The changing times of mobile gaming

We have a lot of mobile games these days (greedy gits!).  What started as free, preloaded games on our devices has now evolved into a huge juggernaut; devouring our free time, whether on a bus waiting for the driver to pull his foot out and get on with it, begging the hours of the day to drift by at work as you send assorted characters on their daily tasks or swiping at that small screen as you hack n’ slash your way to greatness. That’s right ladies and gentleman; we are talking about the changing times of mobile gaming.

As an 80’s baby, my first experience of gaming on a mobile was the giant-in-a-land of pigmies mobile games… the hit 1998 Nokia preloaded game: Snake.  It was amazing!  The moving toward a stationery square pixel, the horror and fear of it becoming too large… so large, in fact, it would engulf the whole screen in what would become an endless run of excitement.  By “endless run of excitement”, I mean about half-an-hour, but that was all that was needed.  Half an hour was a massive amount of time to spend on a phone back-in-the-day – a phone was just that… a phone.   Back then technology had not caught up with the imagination of the gaming public, or the creators of the big games we are lavished with today.  A simple pixel lined snake controlled by the 4,2,and 6 buttons, and the all-important 8 – eating pixels was just fine for me good sir… just fine.

For some time, I left the mobile gaming platform; I had more pure, console-based technology ready to take over my life.  The mobile platform was sort of dusty and plain. Sure, there was the N-Gage, but that was… well… shite.  However, like any good farmer knows, even in the driest land, will yield the sweet plant, and in 2008 (10 years after Snake hit the big time as a pre-load) gamers were invited into the blossom that is the App Store via iPhone, where video gaming on a phone leapt from second thought to the forefront of mobile use.

From 2009 until about 2013 (which I’d argue was the golden age of mobile-gaming) people would know what they were getting with their 69p.  There would be no adverts, no necessary purchases for extra lives, and none of those dreaded premium currencies (not much, anyways). There were games like Infinity Blade, a hack n’ slash adventure by Chair Entertainment, running on the Unreal Engine 3, all for the affordable price of £3.99.  And Spider: The Secret of Bryce Manor, which is a gorgeous storybook game where the player controllers a spider on a mission to eat and discover the secrets of said manor.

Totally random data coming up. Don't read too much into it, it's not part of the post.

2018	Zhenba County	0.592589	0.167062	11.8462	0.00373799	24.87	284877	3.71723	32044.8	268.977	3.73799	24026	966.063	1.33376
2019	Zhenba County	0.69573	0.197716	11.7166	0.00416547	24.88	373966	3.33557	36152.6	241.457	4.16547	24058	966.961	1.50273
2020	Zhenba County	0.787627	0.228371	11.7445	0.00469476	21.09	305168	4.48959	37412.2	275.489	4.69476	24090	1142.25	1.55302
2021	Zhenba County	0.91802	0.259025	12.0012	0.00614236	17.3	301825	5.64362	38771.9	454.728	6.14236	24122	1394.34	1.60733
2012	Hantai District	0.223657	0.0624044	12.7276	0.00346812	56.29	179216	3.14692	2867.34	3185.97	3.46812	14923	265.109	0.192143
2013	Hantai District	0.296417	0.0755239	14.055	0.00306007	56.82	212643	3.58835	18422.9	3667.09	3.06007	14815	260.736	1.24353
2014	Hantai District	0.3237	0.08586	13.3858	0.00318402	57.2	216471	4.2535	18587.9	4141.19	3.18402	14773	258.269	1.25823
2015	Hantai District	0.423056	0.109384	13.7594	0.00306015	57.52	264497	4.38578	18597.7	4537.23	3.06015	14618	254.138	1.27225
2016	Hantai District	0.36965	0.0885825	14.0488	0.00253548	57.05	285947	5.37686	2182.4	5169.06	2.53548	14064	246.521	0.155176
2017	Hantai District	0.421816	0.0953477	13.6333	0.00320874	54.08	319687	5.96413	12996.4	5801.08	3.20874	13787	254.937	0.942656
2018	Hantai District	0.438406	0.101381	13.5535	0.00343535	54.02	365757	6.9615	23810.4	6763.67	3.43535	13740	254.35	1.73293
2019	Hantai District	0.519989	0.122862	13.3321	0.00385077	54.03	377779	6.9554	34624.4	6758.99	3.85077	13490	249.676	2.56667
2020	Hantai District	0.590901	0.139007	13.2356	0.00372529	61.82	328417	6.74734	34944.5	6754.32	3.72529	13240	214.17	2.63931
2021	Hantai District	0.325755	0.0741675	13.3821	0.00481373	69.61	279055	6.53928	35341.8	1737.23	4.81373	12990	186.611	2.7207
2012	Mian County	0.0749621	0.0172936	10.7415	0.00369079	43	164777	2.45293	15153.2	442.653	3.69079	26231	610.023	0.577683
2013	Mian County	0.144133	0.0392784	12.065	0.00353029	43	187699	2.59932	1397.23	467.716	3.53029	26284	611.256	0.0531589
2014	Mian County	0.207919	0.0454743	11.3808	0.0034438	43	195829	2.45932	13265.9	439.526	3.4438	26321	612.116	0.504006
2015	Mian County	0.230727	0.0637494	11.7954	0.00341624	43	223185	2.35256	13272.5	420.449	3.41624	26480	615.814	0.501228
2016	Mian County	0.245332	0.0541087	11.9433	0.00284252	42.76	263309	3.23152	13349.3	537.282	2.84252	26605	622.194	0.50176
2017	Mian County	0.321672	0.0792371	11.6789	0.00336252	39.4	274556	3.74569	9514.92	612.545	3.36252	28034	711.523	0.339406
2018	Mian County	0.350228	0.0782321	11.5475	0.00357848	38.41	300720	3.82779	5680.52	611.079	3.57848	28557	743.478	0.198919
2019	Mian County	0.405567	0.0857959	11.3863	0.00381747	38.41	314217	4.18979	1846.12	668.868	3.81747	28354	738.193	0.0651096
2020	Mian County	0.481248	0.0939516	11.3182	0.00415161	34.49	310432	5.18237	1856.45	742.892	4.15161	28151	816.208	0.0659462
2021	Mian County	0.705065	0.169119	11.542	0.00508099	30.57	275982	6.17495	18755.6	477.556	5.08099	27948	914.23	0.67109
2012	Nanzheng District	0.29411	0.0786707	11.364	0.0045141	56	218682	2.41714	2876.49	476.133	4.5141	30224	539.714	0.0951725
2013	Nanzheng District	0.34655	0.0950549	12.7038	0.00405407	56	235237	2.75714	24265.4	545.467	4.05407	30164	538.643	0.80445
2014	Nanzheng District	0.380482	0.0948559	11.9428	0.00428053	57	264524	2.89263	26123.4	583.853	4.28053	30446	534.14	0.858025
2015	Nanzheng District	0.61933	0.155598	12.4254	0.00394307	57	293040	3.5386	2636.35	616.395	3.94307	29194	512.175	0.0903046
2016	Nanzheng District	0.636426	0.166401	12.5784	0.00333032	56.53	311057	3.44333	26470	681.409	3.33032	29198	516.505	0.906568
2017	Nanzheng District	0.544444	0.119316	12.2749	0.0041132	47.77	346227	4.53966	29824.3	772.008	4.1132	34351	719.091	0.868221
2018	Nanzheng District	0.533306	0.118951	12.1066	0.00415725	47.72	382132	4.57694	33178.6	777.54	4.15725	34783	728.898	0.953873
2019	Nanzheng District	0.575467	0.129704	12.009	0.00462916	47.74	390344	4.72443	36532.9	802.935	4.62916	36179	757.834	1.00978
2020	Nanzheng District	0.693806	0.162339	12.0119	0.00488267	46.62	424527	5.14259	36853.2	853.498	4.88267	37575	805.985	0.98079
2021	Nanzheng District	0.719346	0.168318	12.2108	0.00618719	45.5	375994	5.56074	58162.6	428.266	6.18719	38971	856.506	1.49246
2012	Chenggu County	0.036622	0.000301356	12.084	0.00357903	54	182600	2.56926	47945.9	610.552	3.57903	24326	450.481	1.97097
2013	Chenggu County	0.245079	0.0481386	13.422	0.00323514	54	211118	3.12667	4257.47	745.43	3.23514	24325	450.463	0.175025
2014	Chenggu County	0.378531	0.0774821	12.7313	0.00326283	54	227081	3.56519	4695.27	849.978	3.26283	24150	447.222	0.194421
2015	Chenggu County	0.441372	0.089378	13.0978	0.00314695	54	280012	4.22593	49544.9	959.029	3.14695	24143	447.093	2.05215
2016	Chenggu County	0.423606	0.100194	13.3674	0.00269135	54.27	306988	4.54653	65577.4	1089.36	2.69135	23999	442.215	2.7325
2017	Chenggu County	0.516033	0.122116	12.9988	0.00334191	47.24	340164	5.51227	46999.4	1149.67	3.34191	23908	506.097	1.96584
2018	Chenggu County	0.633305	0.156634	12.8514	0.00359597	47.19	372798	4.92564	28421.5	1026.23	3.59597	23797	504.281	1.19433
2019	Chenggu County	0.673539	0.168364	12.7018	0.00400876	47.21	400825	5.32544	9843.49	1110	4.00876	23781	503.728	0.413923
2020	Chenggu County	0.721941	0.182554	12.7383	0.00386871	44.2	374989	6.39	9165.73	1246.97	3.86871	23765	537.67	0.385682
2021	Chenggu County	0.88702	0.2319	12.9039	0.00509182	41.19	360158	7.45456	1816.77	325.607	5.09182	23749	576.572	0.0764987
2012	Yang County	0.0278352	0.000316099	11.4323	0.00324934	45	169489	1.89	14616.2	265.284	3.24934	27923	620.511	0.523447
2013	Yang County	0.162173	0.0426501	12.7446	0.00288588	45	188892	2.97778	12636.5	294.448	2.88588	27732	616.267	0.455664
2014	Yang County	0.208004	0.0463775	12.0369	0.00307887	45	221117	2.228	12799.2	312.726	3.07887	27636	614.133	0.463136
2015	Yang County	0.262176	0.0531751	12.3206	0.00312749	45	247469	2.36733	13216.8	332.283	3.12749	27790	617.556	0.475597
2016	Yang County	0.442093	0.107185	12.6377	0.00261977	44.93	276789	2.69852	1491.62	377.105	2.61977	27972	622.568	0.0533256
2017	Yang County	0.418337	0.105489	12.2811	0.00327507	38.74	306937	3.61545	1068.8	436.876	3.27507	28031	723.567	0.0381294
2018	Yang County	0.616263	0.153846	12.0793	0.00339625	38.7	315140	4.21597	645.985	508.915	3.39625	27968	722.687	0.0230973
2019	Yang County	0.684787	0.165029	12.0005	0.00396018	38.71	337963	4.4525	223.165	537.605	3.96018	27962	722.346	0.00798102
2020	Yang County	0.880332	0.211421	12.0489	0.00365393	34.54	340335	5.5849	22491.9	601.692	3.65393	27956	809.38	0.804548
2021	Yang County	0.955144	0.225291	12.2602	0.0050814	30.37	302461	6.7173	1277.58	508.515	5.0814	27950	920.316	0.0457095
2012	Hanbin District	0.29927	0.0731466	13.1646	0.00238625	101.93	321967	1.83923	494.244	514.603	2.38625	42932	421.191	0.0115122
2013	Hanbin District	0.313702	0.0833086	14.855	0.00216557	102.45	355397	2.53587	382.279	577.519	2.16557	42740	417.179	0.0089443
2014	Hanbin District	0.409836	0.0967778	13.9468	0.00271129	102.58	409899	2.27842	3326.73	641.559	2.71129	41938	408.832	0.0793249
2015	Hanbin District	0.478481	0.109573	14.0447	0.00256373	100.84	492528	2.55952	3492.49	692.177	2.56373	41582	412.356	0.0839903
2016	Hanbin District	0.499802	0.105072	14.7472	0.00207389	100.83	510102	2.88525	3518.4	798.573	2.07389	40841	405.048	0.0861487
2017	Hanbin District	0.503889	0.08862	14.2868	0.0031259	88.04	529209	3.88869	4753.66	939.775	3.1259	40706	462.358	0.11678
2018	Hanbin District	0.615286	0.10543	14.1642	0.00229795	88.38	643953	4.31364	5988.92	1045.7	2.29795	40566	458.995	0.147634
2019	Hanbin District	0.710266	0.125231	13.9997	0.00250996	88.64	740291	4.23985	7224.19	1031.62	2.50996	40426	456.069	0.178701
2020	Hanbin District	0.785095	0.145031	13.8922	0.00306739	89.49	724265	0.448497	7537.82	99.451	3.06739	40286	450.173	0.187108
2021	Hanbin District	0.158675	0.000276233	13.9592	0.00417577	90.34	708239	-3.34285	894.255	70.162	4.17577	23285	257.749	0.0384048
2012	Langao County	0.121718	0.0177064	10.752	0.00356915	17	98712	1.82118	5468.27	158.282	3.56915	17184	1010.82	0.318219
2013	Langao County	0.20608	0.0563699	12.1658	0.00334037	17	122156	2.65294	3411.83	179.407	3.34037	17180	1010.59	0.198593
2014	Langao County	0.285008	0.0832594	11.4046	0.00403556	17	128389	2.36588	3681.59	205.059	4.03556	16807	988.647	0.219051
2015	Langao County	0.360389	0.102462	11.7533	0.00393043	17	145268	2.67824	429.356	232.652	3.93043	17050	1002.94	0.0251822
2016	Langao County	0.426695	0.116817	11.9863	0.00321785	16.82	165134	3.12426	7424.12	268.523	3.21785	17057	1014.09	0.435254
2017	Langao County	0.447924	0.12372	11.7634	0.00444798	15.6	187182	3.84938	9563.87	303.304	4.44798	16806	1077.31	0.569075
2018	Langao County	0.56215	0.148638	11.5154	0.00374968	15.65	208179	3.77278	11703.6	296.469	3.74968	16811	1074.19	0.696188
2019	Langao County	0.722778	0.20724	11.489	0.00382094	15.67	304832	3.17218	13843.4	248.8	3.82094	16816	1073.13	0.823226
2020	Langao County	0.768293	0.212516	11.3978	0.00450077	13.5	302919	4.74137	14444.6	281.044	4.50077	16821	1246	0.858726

But it wasn’t until a Finnish studio changed the way people looked at mobile gaming: Rovio was the name, and Angry Birds was the game, and it was at the low, low, low price of 69p.  Angry Birds’ successful combination was that of addictive game-play, comical style, and good value.  Angry Birds was often the first-choice game for anyone new to this gaming platform from: starry-eyed children, to bitter and seasoned frontline gamers.  But in 2015, six short years after the original, and with 11 successful sequels (including two Star Wars crossovers, and the amazing Bad Piggies), Angry Birds changed from a paying mode where a small amounts of money would allow access to all the content gamers could sink their teeth into for as long as was wished, to the freemium Angry Birds 2, with the dreaded premium currency and the mad idea that they had the right to tell gamers how long they could play the game before needing to buy new lives.  How often I asked myself “how many times can I fail at this game before I need to pay for extra lives?”  Shame on you, Angry Birds, shame on you.

Now there are games designed to take gamers cash, and these are usually time-based games where gamers send characters on tasks for an allotted period of time, and speed up the act by paying real cash for the privilege.  Games like Farmville, and The Simpsons Tapped Out: the player is tasked with rebuilding a town, farm or building; returning it to its former greatness, or just, simply, farming money by building those freakin’ same old houses.  For any gamer with OCD, one may be inclined to pay-out constantly; taking everything that’s offered up in the way of the crazily over priced premium currency, however, gamers can play most of these game without using their own cash… but those won’t be progressing very quickly; gamers like this have to be in for the long haul if they don’t want to spend, spend, spend…

This is not just a problem with Rovio, or EA.  It’s common practice with most mobile gaming.  Score! Hero, for example, where gamers only have a set number of tries before they either wait for a timer to re-stock lives, or purchase for a crazy amount of money.   And The Walking Dead Road to Survival begs gamers to spend their free time, and now their cash, on a quick boost to play their games, Sure they’re free to download, but at what cost?


Greatmuertegaming is an old friend and new contributor to The Stubbled Gamer. After years of talking to each other about our love of gaming we have now decided to inflict our views upon the general public. We hope you don’t mind.